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THE SENSES

AND

THE INTELLECT.

BY

ALEXANDER BAIN, M. A.,

PROFESSOR OF LOGIC IN THE UNIVERSITY OF ABERDEEN.

THIRD EDITION.

NEW YORK:

D. APPLETON AND COMPANY,

549 & 551 BROADWAY.

1872.

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THE object of this treatise is to give a full and systematic account of two principal divisions of the science of mind,-the Senses and the Intellect. The remaining two divisions, comprising the Emotions and the Will, will be the subject of a future treatise.

While endeavouring to present in a methodical form all the important facts and doctrines bearing upon mind, considered as a branch of science, I have seen reason to adopt some new views, and to depart, in a few instances, from the most usual arrangement of the topics.

Conceiving that the time has now come when many of the striking discoveries of Physiologists relative to the nervous system should find a recognized place in the Science of Mind, I have devoted a separate chapter to the Physiology of the Brain and Nerves.

In treating of the Senses, besides recognizing the so-called muscular sense as distinct from the five senses, I have thought proper to assign to Movement and the feelings of Movement a position preceding the Sensations of the senses; and have endeavoured to prove that the exercise of active energy, originating in purely internal impulses, independent of

the stimulus produced by outward impressions, is a primary fact of our constitution.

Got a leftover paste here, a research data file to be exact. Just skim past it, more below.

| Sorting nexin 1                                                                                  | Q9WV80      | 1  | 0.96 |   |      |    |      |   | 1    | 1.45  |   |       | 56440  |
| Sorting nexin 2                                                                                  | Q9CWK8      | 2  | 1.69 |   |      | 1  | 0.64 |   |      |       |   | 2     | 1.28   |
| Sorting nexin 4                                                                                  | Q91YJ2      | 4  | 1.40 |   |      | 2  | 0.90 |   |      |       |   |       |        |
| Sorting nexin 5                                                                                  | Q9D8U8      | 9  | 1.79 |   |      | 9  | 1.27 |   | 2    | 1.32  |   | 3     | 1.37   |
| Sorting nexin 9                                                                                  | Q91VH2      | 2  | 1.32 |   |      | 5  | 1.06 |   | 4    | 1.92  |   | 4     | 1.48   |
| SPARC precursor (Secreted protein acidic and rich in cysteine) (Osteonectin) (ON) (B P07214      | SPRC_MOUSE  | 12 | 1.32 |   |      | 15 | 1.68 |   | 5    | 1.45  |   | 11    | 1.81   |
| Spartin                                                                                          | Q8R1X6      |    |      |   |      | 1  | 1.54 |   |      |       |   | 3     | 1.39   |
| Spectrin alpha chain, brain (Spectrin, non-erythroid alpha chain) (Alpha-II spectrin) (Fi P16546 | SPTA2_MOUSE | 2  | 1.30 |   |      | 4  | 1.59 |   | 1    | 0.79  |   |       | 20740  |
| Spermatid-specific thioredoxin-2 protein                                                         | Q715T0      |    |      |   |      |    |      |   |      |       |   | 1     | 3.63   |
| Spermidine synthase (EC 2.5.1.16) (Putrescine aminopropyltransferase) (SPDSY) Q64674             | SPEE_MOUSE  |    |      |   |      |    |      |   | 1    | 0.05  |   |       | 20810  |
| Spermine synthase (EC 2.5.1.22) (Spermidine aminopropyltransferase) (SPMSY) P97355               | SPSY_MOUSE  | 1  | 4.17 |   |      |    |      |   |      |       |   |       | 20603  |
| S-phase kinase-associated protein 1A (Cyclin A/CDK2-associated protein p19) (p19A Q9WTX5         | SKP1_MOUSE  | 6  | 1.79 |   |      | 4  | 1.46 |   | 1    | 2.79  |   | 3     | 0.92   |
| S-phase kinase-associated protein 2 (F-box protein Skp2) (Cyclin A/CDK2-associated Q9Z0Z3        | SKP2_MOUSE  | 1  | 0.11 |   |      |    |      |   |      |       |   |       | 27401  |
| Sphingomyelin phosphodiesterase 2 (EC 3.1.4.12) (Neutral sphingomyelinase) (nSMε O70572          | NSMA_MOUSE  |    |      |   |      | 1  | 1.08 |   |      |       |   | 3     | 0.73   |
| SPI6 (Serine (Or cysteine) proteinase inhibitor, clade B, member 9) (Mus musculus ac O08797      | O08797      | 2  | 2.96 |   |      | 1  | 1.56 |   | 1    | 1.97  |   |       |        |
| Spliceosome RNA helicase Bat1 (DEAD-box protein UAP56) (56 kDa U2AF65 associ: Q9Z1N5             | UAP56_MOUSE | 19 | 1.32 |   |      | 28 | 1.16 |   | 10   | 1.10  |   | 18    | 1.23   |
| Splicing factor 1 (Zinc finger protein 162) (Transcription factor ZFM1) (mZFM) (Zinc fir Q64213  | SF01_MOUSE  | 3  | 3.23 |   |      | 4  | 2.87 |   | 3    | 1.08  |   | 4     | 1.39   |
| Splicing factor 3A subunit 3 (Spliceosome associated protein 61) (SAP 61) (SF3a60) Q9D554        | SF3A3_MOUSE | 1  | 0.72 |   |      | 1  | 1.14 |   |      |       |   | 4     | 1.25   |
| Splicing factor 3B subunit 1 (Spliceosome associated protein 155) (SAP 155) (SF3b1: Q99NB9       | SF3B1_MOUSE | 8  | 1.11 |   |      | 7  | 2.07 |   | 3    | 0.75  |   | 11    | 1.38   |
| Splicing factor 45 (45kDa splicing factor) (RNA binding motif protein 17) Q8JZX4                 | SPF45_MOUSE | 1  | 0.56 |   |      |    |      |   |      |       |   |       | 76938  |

Among the Senses have been here enrolled and described with some degree of minuteness, the feelings connected with the various processes of organic life,Digestion, Respiration, &c.—which make up so large a part of individual happiness and misery.

A systematic plan has been introduced into the description of the conscious states in general, so as to enable them to be compared and classified with more precision than heretofore. However imperfect may be the first attempt to construct a Natural History of the Feelings, upon the basis of a uniform descriptive method, the subject of Mind cannot attain a high scientific character until some progress has been made towards the accomplishment of this object.

In the department of the Senses, the Instincts, or primitive endowments of our mental constitution, are fully considered; and in endeavouring to arrive at the original foundation, or first rudiments, of Volition, a theory of this portion of the mind has been suggested.

In treating of the Intellect, the subdivision into faculties is abandoned. The exposition proceeds entirely on the Laws of Association, which are exexemplified with minute detail, and followed out into a variety of applications.

LONDON, June, 1855.

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